Candelo’s Tabitha Bilaniwskyj-Zarins has reconnected with long lost family members during her recent trip to this year’s Eurovision Song Contest held in the Ukrainian capital of Kyiv.
In possession of three addresses in the village of Trebukhiv, 35 kilometres east of the capital, she knew her family had once lived in the village, but what she found was beyond her wildest dreams.
“When I went to the Ukraine I saw most of my family lived like me. It felt so natural, like I’d come home,” the 47-year-old said.
“The smells, and the whole thing was just like our home in Merrylands where I grew up.”
The eldest of nine children, Ms Bilaniwskyj-Zarins’ grandmother, Galina Korniyko, or “Baba” as she is affectionately know, immigrated to Australia after surviving the Holodomor famine of the 1930s and the horrors of the German labour camps during World War 2.
She was the last of her siblings still alive, and just 17-years-old when she arrived in Germany.
“Once word got home about the conditions in Germany, nobody volunteered anymore,” Ms Bilaniwskyj-Zarins said.
In Germany she married a Belarusian, Ivan Bilaniwskyj, and during the Allied occupation she was offered the choice of immigrating to Canda, the United States, or Australia.
Ms Bilaniwskyj-Zarins believes if she had been living in Eastern Germany she may have faced a different fate in the Siberian labour camps, in the hands of the Russian army.
She considered returning to the Ukraine, but concerned she may be labelled a traitor, chose to immigrate to Australia with her husband, child and unable to speak English.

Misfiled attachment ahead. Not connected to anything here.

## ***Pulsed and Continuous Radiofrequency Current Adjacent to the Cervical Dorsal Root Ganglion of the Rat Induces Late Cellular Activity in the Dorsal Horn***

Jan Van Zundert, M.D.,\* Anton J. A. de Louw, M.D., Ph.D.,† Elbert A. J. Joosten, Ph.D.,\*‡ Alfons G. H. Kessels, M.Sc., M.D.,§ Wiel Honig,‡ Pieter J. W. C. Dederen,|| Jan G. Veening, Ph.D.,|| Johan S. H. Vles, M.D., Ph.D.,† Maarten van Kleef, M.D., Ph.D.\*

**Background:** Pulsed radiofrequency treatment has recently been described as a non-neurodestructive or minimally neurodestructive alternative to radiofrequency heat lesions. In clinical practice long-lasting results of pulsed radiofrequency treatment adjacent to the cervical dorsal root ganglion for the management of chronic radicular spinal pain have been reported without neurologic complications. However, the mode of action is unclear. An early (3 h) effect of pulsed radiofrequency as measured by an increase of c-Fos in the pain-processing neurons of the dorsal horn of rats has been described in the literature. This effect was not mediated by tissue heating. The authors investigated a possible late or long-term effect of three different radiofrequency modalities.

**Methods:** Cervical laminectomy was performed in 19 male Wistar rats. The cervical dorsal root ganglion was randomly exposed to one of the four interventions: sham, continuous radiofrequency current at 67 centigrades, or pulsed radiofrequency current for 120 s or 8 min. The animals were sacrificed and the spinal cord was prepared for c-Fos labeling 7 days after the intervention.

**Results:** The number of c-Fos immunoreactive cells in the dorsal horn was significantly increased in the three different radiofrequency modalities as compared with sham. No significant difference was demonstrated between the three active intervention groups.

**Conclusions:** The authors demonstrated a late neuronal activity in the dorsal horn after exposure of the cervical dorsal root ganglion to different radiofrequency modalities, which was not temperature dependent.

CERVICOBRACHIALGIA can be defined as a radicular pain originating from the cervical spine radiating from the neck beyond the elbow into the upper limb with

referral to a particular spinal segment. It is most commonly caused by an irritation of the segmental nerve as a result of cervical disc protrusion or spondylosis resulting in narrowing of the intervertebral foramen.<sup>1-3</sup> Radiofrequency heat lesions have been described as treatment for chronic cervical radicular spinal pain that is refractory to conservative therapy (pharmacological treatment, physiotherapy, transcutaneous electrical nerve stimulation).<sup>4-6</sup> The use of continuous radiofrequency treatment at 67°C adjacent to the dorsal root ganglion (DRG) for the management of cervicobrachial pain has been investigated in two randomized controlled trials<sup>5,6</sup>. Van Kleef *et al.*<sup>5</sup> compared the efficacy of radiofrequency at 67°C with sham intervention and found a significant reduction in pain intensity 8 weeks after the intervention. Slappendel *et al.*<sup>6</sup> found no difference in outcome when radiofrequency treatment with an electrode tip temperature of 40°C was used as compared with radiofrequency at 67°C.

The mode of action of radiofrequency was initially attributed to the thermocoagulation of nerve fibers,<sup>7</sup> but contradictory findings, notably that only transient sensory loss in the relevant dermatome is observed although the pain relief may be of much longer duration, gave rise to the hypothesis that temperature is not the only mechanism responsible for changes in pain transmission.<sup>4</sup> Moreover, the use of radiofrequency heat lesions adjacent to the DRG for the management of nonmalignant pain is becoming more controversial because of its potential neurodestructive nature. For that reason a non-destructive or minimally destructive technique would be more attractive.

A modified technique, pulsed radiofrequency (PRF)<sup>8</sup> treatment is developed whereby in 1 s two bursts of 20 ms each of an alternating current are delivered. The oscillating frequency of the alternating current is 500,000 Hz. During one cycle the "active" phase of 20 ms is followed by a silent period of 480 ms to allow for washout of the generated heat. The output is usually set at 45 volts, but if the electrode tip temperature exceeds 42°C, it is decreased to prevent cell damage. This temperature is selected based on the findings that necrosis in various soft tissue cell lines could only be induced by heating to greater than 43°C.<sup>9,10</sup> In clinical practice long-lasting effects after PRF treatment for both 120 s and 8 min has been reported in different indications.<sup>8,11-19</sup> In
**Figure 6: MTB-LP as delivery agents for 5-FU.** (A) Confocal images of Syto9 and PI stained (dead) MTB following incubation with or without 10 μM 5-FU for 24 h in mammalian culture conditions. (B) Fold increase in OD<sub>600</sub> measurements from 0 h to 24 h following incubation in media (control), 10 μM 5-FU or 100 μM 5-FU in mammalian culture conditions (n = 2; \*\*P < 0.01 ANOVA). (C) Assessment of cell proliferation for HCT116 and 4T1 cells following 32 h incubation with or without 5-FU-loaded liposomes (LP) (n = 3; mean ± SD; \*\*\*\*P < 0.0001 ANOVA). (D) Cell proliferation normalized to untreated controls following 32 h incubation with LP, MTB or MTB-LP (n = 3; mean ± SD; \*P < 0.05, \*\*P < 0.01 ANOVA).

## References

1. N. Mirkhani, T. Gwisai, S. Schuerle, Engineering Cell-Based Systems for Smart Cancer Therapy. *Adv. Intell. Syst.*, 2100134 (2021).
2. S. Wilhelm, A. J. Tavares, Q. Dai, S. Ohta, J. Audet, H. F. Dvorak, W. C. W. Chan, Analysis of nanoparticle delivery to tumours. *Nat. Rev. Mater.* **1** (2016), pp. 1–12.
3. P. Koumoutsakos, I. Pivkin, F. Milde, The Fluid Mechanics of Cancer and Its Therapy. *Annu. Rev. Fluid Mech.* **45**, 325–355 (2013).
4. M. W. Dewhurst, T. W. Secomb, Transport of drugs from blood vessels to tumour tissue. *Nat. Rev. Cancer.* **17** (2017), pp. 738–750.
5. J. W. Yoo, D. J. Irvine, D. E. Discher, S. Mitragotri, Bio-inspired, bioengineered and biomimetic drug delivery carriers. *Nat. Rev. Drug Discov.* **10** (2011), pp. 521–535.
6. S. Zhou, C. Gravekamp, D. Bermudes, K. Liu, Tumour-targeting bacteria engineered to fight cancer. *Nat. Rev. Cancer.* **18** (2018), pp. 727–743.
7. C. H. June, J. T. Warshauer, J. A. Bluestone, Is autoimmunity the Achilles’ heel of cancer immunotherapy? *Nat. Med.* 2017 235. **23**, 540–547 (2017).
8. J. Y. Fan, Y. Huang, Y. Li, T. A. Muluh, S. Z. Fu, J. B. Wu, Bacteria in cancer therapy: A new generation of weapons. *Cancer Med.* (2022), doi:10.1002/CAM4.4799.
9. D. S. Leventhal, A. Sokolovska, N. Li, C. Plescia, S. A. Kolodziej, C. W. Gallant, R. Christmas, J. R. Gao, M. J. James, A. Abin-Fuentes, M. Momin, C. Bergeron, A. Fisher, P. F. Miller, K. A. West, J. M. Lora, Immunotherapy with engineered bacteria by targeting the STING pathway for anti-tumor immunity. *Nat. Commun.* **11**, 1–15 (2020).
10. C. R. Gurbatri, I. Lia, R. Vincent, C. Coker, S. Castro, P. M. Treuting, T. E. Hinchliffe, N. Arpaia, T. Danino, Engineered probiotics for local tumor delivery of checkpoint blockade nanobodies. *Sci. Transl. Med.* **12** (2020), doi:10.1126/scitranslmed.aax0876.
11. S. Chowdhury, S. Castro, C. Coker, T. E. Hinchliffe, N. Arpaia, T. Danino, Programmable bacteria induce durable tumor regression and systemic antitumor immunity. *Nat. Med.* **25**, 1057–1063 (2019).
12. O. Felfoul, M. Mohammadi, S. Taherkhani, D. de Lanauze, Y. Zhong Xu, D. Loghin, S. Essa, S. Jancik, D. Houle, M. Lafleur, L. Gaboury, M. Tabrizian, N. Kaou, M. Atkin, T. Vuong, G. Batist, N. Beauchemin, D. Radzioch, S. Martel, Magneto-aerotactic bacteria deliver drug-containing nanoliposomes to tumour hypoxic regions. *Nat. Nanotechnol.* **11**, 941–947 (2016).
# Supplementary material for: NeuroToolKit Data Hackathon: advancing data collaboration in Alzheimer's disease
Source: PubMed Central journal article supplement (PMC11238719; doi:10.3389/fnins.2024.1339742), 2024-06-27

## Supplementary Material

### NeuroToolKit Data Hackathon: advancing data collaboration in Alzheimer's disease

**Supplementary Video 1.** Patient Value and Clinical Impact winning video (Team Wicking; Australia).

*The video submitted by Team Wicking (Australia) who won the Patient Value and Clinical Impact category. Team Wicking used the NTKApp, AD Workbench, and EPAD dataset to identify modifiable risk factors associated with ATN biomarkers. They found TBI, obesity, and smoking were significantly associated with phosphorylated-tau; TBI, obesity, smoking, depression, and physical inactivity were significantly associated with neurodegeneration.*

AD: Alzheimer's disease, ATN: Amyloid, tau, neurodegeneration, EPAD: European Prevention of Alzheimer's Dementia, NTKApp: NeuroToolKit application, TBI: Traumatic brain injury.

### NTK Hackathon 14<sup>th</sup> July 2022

Ms Bilaniwskyj-Zarins’ research led her to an extended family still living in the village of just over 6000 people.
“When my Baba’s sister came through the door, I just broke down. It was so amazing,” Ms Bilaniwskyj-Zarins said.
As a child, she remembers being told to never forget her Ukrainian heritage.
“I always saw in her face a sense of sadness in her heart, but she was a positive, strong woman who knew she was free,” she said.
“You would see her sitting there reflecting, or shaking her head. Her whole childhood was traumatising.”
While visiting a memorial in Kyiv, she knew among a trove of books full of immaculately kept records, would sit her grandmother’s name.
After being helped with translation, the book was found and the reconnection became a reality, and it is a bond she says she will keep forever.
“I’m in communication with my family all the time, because I don’t want to lose them,” she said.
“We have Skype cooking sessions all the time.”
Ms Bilaniwskyj-Zarins says the next chapter in her journey of discovery is to reconnect with her Belarusian side of the family, and she is already organising her next trip to the Ukraine next year.
“The biggest thing I have learned is that we should treasure that we have the ability to make choices,” she said.
“I feel so at peace with everything.”